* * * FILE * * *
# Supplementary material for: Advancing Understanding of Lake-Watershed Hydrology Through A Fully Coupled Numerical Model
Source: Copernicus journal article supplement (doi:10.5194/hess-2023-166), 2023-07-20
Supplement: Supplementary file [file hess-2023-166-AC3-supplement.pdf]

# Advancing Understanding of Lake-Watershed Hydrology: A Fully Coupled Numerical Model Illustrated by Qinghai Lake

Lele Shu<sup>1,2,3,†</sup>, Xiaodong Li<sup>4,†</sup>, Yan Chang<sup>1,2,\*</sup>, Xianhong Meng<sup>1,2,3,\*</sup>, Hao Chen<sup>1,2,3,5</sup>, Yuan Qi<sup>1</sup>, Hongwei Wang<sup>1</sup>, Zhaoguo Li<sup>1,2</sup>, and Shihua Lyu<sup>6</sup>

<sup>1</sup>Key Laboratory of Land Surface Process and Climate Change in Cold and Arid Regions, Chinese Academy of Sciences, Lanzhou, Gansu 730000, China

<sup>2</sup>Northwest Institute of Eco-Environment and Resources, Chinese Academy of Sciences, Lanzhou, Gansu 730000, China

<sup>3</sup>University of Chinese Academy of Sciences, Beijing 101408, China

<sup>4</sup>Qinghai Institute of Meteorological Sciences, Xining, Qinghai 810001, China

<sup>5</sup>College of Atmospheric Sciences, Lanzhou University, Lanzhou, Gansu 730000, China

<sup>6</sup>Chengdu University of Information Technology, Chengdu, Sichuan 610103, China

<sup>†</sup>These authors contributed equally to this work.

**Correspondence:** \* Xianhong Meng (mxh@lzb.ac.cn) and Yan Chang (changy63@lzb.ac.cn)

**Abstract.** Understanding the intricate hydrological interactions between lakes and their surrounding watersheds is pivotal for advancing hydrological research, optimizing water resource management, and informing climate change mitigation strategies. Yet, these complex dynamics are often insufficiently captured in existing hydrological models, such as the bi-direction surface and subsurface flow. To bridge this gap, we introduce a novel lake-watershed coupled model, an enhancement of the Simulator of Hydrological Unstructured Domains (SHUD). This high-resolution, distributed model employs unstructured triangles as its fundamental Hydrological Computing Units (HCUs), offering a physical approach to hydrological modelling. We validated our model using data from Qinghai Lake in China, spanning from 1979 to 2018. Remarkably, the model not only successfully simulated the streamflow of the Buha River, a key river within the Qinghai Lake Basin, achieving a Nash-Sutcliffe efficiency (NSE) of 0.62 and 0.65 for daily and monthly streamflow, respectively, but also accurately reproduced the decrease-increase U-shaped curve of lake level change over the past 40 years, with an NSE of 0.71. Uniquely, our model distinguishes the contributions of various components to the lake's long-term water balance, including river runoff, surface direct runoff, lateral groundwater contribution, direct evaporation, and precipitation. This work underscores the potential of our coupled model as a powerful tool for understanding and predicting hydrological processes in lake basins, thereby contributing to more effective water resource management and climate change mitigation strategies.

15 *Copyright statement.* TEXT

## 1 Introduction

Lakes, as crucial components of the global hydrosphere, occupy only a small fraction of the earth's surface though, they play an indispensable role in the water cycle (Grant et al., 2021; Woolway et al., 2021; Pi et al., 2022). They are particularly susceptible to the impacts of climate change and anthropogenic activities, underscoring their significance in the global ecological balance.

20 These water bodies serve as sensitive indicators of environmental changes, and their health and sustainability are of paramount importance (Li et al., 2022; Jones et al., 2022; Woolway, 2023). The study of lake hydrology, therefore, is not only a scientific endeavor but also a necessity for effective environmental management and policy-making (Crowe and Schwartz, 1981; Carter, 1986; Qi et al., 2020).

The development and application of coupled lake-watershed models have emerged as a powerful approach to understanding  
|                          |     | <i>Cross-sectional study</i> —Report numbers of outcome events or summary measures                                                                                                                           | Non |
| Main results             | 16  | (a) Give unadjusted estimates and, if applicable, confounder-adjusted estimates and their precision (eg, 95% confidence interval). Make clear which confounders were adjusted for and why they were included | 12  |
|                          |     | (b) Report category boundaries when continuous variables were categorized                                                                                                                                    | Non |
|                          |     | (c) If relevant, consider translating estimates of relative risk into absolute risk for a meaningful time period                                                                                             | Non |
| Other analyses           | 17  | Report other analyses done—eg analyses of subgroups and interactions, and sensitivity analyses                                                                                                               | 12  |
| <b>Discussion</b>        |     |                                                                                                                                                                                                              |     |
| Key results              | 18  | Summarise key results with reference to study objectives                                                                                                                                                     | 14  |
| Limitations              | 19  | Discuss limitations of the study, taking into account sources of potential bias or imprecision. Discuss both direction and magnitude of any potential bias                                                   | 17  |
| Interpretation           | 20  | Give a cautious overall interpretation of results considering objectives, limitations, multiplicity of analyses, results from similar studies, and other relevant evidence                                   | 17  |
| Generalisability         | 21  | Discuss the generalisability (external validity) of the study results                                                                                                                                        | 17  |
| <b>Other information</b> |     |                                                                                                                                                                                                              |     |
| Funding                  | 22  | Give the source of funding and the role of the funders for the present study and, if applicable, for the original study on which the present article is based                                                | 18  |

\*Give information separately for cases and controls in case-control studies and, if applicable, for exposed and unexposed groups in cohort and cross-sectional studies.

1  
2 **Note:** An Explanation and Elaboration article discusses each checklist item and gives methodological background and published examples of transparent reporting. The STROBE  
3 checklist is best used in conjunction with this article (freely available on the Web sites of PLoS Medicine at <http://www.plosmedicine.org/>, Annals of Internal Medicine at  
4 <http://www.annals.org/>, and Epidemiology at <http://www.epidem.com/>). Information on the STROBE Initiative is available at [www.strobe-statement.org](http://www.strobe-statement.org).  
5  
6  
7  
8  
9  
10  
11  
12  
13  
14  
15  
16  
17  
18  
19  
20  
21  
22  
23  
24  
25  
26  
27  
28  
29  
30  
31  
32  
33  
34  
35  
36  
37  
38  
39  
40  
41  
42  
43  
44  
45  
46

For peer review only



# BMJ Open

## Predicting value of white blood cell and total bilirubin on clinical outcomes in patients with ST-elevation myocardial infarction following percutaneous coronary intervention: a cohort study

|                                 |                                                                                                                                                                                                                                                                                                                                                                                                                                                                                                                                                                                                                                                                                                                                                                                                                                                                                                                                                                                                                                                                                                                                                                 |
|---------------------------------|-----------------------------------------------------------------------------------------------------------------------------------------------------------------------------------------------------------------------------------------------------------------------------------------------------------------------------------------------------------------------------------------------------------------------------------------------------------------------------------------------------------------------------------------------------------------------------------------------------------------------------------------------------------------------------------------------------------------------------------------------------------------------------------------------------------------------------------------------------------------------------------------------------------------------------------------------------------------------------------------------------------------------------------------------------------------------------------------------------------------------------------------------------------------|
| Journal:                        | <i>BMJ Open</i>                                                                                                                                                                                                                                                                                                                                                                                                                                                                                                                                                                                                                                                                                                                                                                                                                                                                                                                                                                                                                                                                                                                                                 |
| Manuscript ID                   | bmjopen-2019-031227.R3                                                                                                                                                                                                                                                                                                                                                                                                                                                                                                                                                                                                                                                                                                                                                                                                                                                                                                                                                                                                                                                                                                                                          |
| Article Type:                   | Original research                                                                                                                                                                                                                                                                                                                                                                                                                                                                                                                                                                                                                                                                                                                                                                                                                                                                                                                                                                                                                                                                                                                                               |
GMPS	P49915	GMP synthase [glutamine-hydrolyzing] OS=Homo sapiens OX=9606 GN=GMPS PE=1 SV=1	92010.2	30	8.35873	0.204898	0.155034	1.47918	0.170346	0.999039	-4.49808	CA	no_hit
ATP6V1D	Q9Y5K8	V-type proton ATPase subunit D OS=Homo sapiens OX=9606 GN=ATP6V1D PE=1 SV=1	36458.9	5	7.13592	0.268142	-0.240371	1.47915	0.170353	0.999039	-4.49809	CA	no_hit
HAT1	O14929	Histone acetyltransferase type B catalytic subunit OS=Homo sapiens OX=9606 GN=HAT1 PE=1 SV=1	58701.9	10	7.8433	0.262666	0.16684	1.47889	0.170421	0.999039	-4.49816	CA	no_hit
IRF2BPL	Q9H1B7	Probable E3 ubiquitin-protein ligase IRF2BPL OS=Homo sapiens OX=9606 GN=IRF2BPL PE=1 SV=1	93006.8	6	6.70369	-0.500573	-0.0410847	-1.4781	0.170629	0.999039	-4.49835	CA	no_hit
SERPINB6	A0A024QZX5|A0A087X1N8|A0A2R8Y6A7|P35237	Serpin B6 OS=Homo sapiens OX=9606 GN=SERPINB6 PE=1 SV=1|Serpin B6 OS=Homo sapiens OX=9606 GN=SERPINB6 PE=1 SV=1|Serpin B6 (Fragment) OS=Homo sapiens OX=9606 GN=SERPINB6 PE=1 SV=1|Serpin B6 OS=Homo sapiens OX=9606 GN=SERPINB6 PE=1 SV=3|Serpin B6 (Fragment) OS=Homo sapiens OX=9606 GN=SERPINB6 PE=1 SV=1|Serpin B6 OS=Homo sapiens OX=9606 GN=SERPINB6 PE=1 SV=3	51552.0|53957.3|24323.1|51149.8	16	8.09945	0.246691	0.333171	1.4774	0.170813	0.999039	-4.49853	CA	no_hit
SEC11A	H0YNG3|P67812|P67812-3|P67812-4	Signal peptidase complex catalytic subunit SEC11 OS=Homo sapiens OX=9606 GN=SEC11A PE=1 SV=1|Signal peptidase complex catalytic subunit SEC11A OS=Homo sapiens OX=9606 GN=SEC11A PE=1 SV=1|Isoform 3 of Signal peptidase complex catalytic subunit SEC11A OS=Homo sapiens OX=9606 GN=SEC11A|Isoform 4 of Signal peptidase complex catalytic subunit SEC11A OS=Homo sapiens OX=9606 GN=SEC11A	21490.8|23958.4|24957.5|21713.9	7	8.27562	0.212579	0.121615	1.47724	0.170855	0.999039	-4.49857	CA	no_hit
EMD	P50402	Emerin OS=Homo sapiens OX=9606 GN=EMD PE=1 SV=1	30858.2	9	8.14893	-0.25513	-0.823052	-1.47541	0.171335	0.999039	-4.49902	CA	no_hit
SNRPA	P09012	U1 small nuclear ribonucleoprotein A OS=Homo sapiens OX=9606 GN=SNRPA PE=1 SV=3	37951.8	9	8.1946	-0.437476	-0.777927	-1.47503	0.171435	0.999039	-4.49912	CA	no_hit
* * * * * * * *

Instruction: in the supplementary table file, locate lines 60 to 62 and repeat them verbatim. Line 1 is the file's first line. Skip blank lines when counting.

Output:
28  
29  
30  